Mounting the 29er (with a guy question)

Discussion in 'rec.sport.unicycling' started by Phuni, Aug 27, 2004.

  1. Phuni

    Phuni Guest

    I recently bought a Yuni 29er with the Big Apple tyre and KH saddle.
    It's a great ride and I really enjoy it much more than my beat up old
    24" Schwinn.

    What are your favorite mounting techniques for the 29er? I used to do a
    static mount with great success on the 24", but it doesn't seem too be
    user-friendly on the 29er. So far, the best results have come with a
    rollback mount and the mount where you take three steps and then get on
    (a rolling mount?).

    Finally, a guy question. I've been suffering from CTS (Crushed Testicle
    Syndrome) in learning to mount the 29er. Any suggestions?

    Thanks,
    Phil


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  2. JJuggle

    JJuggle Guest

    I exclusively do the rollback mount on a 29er. I find that with the KH
    saddle, as opposed to the Viscounts on all my other unis, I'm able to
    sit back and high on it with most of the contact on my rear and much
    less weight on my nuts. I don't know how consistently this can be done
    with a rolling mount, but with the rollback try starting with the back
    of the saddle tucked under your rear; this rather than positioning your
    crotch in the middle of the saddle. I find it much more comfortable that
    sitting centered in the seat.

    Raphael Lasar
    Matawan, NJ


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  3. Klaas Bil

    Klaas Bil Guest

    Phuni wrote:
    > *What are your favorite mounting techniques for the 29er? I used to
    > do a static mount with great success on the 24", but it doesn't seem
    > too be user-friendly on the 29er. So far, the best results have come
    > with a rollback mount and the mount where you take three steps and
    > then get on (a rolling mount?).*

    The rolling mount (yes, that's what it's called) is fine for
    larger-wheel unicycles. Personally, I prefer a static mount on the
    29'er, you just have to increase the force on the first pedal as
    compared to the 24" or the wheel will move out from under you to the
    front. Also, don't push the seat to the front with your crotch while
    mounting, but instead get most of the required body momentum from
    jumping off the ground with your second foot, if that makes sense.

    It also depends on crank length. With short cranks (e.g. 110, 102 or
    even shorter), the increased first-pedal force is even more required.

    Klaas Bil


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  4. teachndad

    teachndad Guest

    I have been swapping seats lately between the unis in my stable and I
    just swapped out a miyata airseat that used the orginal plastic base for
    a KH seat. The first time I mounted the 29er I mounted it with a
    "crushing blow". The trough in the KH seat, IMHO, is very deep compared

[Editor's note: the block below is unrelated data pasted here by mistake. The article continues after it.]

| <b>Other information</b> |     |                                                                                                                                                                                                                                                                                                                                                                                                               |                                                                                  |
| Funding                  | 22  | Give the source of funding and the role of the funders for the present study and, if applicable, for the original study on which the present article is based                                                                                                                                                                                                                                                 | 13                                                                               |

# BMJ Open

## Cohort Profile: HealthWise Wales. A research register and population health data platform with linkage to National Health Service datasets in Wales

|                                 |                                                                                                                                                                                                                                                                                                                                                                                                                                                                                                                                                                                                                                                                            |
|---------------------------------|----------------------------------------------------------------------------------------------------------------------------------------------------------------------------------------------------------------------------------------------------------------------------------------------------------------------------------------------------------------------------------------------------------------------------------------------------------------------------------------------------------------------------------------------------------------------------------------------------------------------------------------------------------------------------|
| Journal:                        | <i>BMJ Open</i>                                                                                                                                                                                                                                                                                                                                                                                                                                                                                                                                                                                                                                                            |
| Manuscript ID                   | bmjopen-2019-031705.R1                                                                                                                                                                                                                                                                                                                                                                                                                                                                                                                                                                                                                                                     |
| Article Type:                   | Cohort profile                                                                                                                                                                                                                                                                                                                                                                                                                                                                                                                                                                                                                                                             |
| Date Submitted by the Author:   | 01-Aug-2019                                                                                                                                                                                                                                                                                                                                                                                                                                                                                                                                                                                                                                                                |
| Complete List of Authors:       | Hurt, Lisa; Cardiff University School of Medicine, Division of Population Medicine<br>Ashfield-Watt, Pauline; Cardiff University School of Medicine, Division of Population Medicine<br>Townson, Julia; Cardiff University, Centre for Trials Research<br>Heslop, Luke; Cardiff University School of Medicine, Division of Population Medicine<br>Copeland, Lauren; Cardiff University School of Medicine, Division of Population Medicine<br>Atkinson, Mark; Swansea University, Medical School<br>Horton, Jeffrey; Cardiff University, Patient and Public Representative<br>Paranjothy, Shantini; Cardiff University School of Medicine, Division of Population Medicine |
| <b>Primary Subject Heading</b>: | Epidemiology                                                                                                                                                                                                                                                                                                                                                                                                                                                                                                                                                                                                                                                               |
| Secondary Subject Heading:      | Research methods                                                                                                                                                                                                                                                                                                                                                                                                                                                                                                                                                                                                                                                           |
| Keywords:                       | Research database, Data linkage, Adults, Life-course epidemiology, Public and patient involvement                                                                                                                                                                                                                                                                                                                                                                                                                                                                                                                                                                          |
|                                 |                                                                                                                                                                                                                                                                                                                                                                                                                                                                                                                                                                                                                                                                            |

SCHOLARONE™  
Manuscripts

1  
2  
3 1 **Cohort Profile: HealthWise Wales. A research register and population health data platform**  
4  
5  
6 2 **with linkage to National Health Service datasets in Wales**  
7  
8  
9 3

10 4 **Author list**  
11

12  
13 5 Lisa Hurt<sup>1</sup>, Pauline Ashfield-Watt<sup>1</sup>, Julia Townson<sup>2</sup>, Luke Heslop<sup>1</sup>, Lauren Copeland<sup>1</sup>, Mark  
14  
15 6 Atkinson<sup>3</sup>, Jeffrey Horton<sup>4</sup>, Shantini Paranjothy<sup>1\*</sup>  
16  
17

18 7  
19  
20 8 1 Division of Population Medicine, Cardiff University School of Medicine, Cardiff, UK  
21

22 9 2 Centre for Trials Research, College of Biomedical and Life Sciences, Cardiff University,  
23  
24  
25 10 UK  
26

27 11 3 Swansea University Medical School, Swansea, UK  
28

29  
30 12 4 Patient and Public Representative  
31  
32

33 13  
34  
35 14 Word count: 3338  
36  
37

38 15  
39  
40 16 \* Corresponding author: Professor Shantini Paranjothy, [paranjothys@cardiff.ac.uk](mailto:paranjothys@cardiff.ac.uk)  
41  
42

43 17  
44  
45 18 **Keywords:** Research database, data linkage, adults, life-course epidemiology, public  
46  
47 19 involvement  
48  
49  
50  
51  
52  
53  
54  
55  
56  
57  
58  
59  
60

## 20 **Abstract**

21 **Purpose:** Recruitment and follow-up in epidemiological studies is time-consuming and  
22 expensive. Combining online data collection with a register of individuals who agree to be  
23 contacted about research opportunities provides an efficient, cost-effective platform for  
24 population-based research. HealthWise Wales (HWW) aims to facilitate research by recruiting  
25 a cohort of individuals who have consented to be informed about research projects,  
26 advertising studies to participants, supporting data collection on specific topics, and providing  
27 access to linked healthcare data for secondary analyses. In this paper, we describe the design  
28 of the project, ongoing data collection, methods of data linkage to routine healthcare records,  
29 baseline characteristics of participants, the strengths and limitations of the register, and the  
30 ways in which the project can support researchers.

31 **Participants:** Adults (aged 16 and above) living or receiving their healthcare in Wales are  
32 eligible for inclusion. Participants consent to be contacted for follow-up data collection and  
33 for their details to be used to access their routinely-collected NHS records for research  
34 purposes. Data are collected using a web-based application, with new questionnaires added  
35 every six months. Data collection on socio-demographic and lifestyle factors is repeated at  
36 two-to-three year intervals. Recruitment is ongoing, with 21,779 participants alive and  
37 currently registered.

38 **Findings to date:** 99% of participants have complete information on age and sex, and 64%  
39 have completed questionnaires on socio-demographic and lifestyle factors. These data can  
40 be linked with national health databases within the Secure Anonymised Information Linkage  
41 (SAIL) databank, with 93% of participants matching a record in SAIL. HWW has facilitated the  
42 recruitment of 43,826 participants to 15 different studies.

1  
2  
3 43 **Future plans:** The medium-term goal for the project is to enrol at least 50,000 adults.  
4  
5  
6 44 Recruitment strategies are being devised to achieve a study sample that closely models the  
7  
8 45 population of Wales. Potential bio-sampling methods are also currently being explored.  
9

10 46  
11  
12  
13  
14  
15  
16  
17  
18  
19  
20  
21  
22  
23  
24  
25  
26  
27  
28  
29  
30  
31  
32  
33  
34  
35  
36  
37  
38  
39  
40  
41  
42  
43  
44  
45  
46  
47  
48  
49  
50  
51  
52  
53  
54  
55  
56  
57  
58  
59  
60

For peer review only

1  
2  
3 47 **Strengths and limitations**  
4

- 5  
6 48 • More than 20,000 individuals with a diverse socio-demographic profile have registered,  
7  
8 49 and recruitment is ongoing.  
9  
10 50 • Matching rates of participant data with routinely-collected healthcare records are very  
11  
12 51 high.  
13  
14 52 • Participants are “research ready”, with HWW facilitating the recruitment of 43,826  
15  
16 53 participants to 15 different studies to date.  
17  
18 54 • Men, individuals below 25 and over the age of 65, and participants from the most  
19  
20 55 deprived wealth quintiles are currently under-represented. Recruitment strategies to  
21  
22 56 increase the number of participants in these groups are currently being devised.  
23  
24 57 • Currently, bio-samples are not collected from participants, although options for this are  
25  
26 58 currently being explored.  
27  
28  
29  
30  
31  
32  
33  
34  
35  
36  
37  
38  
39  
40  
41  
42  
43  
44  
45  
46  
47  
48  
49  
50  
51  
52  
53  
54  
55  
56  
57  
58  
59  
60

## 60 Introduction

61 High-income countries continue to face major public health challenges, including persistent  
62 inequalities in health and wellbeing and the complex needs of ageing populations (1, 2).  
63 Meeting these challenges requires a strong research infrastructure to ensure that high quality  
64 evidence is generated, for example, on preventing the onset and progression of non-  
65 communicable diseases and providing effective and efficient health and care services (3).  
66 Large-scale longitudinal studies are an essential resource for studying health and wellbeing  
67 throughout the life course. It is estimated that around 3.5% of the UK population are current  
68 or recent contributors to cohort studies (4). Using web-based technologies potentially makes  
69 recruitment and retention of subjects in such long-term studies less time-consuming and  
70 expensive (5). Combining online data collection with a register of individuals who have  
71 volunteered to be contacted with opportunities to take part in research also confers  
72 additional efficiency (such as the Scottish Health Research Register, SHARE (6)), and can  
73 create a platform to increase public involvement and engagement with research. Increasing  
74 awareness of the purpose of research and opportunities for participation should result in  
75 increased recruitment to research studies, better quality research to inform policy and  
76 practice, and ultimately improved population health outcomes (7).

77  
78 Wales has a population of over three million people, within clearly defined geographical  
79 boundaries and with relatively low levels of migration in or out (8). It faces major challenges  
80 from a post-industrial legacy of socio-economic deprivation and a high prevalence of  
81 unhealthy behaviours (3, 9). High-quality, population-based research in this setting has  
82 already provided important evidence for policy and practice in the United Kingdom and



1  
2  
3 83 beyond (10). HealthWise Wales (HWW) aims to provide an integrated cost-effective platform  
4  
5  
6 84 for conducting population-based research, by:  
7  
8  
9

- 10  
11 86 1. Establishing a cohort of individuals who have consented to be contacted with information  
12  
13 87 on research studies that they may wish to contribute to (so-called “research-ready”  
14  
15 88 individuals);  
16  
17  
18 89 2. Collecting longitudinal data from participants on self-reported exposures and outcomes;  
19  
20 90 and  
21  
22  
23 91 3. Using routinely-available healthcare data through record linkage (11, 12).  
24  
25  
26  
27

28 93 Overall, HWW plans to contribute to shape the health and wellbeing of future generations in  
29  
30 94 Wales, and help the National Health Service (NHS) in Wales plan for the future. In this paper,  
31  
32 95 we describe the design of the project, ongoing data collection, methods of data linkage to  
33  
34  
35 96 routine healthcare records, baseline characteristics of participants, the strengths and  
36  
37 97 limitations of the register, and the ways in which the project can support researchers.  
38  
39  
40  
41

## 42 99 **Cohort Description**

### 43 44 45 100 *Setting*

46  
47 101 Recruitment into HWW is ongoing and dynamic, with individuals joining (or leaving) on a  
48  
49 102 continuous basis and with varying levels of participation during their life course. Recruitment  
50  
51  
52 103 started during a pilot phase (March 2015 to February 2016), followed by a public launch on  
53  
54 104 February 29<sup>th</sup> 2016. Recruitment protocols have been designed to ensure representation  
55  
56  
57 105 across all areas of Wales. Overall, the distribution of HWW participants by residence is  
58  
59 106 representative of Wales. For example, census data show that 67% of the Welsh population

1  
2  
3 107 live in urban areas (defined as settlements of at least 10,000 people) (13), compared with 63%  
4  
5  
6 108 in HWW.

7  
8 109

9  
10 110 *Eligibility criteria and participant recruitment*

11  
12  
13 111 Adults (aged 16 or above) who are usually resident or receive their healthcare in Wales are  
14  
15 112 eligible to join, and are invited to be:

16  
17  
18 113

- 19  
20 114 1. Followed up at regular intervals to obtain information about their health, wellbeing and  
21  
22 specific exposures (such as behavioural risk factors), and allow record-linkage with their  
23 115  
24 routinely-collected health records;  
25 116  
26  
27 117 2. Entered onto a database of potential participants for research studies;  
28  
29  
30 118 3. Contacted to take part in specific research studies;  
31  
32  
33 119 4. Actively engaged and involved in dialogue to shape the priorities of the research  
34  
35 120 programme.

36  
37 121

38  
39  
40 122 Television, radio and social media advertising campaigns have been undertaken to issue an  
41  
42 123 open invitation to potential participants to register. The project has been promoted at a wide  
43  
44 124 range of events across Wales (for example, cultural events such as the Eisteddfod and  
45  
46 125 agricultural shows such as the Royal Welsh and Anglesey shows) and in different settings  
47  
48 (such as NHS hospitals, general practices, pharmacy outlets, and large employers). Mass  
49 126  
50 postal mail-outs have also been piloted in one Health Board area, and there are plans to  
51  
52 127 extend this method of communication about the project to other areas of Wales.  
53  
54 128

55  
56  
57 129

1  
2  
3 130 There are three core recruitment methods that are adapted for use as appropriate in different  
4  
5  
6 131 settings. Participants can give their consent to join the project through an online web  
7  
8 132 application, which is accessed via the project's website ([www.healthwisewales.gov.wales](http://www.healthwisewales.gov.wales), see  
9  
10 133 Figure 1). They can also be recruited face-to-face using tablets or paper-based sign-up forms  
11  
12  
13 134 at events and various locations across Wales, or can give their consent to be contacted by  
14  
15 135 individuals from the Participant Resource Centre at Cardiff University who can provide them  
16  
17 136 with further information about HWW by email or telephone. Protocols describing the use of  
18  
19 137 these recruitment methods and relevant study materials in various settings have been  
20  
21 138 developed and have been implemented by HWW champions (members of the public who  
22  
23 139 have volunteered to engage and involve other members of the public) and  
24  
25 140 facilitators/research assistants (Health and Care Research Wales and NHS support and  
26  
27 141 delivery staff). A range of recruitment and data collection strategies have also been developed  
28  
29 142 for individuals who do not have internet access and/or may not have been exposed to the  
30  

to the airseat combo I had. I think this is a contributing factor to
    your "package" getting smashed. I am still having problems with this,
    but I adjust "things" as I am starting off and then I am comfy. But,
    it's still a "pain" to get everything settled. Once in the seat, it is
    very comfortable.

    So, maybe you can get a torker seat, that's which ever one is the miyata
    copy, then convert it to an airseat. But, that costs more cash.

    I don't do a roll back mount on the 29er - I can't. I just mount with a
    static mount, if that's what it is called. I can't do the rollback
    mount because I can't get the torque to do a roll back mount. I jump up
    on the uni with the cranks at 3 and 9 o'clock.
    I run 140mm cranks.

    I never tried this, but what about putting the tire back against a curb
    and then trying the mount that way. You won't get the roll back mount,
    but you crotch will be higher and you can adjust things before you even
    get on the 29er.


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    teachndad - aka The Munieer

    Rod Wylie

    'MountainUnicyclingLA.com' (http://www.mountainunicycling.us)
    'Greater Los Angeles Area Trails - Images' (http://tinyurl.com/4otql)
    'Greater Los Angeles Area Trails - Descriptions'
    (http://tinyurl.com/6h8zn)

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  5. onewheeldave

    onewheeldave Guest

    I usually use the static mount on my 29-er, it works fine (especially
    now I've got

    150mm cranks on it).


    One tweak that I've found very useful with this mount is, after
    positioning the

    seat (to save damage to testes, position the seat too far back between
    your legs,

    then pull it forward, sweeping them out of harms way) and just prior to
    performing

    the mount, push the uni forwards slightly.


    This push seems to make the pedals stay where you want them for longer
    (i.e.

    horizontal) and, for me, works really well.


    The amount of push depends on the circumstances, a bigger push makes
    mounting

    facing up an incline possible.